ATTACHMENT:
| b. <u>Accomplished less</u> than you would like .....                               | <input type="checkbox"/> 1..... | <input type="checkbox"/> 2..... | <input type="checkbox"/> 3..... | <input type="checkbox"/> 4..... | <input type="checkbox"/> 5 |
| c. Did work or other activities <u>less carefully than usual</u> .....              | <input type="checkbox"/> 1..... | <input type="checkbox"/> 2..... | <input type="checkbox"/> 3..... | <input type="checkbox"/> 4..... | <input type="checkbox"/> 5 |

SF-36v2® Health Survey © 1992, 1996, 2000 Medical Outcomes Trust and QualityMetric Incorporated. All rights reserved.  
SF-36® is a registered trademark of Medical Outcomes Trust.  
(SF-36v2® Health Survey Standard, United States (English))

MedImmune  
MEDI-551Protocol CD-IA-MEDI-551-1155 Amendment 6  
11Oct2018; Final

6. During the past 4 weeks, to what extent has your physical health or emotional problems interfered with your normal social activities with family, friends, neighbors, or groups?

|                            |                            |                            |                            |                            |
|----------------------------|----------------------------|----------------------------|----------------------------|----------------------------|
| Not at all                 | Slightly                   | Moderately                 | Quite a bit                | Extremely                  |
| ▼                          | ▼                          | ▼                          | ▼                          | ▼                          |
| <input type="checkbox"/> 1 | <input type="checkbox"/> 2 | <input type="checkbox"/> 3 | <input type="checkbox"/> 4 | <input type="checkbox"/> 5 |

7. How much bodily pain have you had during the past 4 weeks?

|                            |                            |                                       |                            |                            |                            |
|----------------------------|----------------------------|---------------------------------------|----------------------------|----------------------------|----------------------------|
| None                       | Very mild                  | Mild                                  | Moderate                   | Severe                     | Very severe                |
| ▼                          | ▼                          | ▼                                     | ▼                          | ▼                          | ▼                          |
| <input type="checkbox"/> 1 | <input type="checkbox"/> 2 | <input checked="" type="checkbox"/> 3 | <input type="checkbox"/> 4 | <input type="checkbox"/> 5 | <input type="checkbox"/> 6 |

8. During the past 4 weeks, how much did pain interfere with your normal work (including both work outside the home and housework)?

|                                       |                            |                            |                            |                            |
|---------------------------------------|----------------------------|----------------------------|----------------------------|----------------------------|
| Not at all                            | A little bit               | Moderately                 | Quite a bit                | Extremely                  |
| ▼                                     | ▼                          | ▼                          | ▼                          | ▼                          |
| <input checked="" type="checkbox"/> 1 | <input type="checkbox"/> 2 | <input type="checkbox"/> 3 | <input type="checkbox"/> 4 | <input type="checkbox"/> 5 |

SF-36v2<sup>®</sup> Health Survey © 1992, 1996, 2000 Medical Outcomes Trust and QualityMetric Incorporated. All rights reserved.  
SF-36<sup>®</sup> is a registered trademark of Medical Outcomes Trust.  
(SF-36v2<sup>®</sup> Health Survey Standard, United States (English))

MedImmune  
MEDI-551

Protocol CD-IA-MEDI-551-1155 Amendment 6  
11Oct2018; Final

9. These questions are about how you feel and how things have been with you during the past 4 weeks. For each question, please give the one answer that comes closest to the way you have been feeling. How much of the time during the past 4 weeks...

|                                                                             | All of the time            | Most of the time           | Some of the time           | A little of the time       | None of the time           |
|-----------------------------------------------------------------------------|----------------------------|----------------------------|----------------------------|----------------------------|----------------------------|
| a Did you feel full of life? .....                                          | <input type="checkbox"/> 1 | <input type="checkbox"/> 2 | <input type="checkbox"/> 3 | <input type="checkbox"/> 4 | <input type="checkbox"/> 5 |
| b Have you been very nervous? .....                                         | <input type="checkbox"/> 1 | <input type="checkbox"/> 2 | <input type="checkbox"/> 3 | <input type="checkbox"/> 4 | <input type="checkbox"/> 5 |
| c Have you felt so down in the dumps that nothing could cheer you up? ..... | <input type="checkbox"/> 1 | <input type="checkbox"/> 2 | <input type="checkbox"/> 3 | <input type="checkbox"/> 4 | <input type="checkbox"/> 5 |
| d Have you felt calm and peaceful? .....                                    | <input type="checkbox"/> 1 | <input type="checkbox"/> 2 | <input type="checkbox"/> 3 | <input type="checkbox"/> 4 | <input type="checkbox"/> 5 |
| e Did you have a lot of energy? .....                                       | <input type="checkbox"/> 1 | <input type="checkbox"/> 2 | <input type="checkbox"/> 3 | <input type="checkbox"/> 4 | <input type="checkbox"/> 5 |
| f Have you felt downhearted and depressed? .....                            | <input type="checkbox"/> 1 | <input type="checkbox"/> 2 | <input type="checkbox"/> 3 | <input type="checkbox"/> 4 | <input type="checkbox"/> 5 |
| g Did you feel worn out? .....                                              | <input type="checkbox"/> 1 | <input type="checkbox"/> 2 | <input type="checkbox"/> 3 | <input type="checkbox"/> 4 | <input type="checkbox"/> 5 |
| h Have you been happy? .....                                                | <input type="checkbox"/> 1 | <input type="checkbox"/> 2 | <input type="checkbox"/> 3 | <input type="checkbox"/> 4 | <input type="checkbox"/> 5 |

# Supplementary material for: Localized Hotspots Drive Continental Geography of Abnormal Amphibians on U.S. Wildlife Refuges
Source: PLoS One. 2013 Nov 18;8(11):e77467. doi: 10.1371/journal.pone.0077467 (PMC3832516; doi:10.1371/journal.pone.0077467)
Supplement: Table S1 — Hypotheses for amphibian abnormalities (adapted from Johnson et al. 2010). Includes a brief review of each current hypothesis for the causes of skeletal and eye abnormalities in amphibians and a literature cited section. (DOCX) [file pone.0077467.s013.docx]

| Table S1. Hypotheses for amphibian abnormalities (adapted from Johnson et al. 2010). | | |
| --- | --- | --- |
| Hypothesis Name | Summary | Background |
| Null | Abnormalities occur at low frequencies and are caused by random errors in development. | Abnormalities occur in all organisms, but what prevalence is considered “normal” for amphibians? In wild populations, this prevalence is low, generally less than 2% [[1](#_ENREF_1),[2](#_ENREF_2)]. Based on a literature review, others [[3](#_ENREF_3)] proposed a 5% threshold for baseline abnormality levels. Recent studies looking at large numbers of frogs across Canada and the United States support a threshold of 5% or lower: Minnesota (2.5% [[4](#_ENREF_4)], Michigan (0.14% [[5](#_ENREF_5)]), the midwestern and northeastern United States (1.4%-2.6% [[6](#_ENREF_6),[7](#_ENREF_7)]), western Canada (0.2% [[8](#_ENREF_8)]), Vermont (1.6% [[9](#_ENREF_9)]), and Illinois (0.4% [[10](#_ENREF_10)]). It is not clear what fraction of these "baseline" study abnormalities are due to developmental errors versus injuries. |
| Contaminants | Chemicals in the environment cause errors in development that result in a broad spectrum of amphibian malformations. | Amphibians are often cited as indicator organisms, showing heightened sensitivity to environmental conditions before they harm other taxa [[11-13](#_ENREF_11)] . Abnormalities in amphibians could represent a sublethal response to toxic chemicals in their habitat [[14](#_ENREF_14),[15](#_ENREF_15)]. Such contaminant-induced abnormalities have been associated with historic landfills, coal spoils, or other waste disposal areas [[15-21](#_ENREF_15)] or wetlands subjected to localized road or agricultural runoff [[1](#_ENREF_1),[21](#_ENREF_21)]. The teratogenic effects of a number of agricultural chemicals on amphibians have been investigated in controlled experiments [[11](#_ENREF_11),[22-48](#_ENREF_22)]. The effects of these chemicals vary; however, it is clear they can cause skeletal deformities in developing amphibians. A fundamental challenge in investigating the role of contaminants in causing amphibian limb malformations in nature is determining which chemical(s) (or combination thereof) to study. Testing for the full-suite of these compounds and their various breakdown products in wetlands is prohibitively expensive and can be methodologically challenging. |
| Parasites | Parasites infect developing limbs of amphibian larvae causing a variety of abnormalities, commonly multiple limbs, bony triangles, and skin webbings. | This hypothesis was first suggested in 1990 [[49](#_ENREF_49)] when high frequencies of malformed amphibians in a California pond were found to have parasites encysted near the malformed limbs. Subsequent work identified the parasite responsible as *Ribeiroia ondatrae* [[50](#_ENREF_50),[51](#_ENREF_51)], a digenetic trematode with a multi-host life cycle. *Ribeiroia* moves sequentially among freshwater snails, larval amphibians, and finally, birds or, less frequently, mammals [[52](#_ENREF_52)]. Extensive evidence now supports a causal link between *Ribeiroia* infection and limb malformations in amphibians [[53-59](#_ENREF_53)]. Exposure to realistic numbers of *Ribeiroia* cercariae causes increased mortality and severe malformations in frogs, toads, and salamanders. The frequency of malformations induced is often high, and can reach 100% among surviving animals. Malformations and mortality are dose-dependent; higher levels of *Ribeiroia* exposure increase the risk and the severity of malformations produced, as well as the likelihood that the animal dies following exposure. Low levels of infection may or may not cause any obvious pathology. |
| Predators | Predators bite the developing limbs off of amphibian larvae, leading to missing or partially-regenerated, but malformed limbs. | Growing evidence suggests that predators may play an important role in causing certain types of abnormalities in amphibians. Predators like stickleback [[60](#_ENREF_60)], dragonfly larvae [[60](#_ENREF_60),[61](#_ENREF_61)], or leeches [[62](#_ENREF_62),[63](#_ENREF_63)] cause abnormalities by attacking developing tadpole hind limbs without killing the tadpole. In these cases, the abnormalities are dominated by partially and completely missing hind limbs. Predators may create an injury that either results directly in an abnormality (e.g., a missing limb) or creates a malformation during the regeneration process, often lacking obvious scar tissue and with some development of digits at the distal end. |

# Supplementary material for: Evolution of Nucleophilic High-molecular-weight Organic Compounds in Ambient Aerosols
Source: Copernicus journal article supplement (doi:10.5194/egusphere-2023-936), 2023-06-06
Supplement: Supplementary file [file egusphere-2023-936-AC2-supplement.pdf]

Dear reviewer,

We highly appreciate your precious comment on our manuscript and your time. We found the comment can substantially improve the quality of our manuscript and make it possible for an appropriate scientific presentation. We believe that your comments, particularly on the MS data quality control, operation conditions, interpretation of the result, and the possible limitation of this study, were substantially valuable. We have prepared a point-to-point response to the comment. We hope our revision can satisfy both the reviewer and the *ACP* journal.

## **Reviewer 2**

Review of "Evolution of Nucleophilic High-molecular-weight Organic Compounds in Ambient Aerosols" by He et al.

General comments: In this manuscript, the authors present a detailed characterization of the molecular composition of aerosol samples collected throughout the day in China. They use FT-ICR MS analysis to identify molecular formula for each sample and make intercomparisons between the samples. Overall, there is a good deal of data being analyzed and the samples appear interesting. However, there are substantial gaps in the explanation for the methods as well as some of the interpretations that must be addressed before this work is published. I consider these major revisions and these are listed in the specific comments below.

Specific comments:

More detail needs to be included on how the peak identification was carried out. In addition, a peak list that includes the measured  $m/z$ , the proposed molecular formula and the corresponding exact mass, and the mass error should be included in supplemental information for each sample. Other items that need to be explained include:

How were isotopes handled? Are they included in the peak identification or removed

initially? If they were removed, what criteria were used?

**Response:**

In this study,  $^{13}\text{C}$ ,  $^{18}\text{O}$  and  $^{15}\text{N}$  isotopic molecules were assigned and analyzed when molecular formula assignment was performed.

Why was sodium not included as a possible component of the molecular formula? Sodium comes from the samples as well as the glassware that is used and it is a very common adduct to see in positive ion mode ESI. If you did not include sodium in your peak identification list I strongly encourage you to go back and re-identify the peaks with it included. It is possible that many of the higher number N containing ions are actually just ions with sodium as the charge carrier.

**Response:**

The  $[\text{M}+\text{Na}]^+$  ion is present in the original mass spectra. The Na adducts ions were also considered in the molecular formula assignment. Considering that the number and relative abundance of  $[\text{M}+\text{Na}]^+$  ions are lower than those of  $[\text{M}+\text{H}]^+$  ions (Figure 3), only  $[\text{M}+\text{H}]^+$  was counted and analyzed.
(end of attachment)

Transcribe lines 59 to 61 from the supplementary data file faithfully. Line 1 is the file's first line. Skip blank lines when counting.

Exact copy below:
We highly appreciate your precious comment on our manuscript and your time. We found the comment can substantially improve the quality of our manuscript and make it possible for an appropriate scientific presentation. We believe that your comments, particularly on the MS data quality control, operation conditions, interpretation of the result, and the possible limitation of this study, were substantially valuable. We have prepared a point-to-point response to the comment. We hope our revision can satisfy both the reviewer and the *ACP* journal.

## **Reviewer 2**

Review of "Evolution of Nucleophilic High-molecular-weight Organic Compounds in Ambient Aerosols" by He et al.